The toughest statement is always the “Know Statement”. It’s a humdinger. Ideally, it’s 10 words or less. If those 10 words are of interest to the person with whom you’re talking, you might move them along to an “Understand Statement”, whereby you help them understand what you do, why you do it, how you do it, etc. If they still look interested, then and only then, might you invite them to engage with you in some way–visiting the website, coming to an event, whatever.

Coming up with your “Know Statement” is no easy task, I’ll give you that. And that’s why we’re going to start doing the “Mini-Mission Makeovers”! We’ll give you specific tips for how to make-over your Mission Statement (because they are often a handy starting point for creating your “Know Statement”), so it becomes a useful tool for engaging people outside your organization, e.g. donors, supporters, volunteers, etc.

For our first Mini-Mission Makeover, we have Jewish Family & Children’s Service of Greater Mercer County.

“We are dedicated to strengthening families and individuals by providing a wide range of social services and programs, including therapy, information and referral, support, education and advocacy.”


  1. Find an alternative to provide: You knew that was coming, didn’t you?! I’ve written about this a lot, so won’t bust out my soapbox in this post. If you aren’t sure why provide is so bad, you can read all about it here.
  2. Get rid of the “to be” verb: Whenever I see “to be” verbs (e.g. is, are, am) in a mission statement, I start by figuring out how to get rid of them. Lots of the time, “to be” verbs make a sentence duller than it needs to be. For instance, rather than saying “We are dedicated to strengthening…”, Jewish Family & Children’s Service of Greater Mercer County could simply say, “We strengthen…”. Boom.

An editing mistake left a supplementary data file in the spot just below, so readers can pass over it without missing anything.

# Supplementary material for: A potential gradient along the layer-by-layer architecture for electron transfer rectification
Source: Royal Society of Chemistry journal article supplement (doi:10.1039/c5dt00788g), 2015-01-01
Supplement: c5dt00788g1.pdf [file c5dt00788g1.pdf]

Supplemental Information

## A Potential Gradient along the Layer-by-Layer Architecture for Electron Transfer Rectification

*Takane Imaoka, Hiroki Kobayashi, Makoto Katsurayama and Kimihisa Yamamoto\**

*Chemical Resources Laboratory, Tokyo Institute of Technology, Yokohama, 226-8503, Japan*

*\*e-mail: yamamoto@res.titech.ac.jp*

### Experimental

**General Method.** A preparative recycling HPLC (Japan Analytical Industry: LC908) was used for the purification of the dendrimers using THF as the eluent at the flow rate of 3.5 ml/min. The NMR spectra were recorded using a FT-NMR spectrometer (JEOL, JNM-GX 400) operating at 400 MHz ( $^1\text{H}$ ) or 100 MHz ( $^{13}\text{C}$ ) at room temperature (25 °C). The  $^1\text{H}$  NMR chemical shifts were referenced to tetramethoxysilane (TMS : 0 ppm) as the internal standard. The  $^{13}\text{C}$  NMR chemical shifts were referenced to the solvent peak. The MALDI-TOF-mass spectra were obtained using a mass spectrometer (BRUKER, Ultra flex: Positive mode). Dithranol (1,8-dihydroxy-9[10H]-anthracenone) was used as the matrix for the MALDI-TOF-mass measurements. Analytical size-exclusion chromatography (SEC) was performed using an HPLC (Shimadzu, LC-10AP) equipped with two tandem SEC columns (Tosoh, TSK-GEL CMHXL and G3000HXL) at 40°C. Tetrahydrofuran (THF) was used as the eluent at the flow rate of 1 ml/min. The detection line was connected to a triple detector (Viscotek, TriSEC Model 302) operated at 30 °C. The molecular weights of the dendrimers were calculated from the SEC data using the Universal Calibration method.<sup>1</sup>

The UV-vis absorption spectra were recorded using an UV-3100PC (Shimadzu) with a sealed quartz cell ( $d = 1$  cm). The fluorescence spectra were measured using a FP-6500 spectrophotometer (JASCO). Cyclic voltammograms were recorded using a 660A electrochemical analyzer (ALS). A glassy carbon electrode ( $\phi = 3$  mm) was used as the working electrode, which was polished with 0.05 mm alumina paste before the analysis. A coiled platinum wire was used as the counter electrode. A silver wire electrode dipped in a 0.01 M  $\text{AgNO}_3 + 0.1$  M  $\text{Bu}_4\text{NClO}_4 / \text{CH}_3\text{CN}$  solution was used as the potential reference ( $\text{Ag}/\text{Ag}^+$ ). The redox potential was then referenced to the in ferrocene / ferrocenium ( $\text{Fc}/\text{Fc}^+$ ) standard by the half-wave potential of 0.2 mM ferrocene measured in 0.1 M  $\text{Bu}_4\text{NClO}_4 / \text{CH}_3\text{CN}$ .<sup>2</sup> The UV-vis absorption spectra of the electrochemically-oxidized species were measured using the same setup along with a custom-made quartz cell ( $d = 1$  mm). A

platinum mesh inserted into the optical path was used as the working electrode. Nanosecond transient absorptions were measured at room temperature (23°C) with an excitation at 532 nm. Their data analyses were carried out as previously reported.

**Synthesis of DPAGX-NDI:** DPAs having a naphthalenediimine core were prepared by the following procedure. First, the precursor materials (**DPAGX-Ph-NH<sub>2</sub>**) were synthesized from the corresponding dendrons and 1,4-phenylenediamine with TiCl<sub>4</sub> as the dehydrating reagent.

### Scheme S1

3. Ditch the ‘Services Laundry List’ and decide on the one thing for which you really want to be known: This is a tough one, I  know, but if you tell someone your everything, they’ll remember nothing. You want people to remember you and talk about your amazing work to others. Thus, the need to pick one–or at most two– things to highlight from the cornucopia of awesomeness that you do. (If you’re stumped by this, check out the Messaging Toolkit and/or the Organizational Lexicon, both free and available in our DIY section.)

Here’s how implementing the above recommendations might look:

“We strengthen families and individuals through therapy, education and advocacy.”

Now, I haven’t chatted with the folks at the Jewish Family & Children’s Service of Greater Mercer County, so I’m not sure what they want to be known for, but you get the idea–fewer words, spunkier verbs and no laundry list.

Want help making over your Mission Statement? Post it on Claxon’s Facebook page and we’ll see what we can do!



Do you communicate as effectively as you think?


Do you communicate as effectively as you think?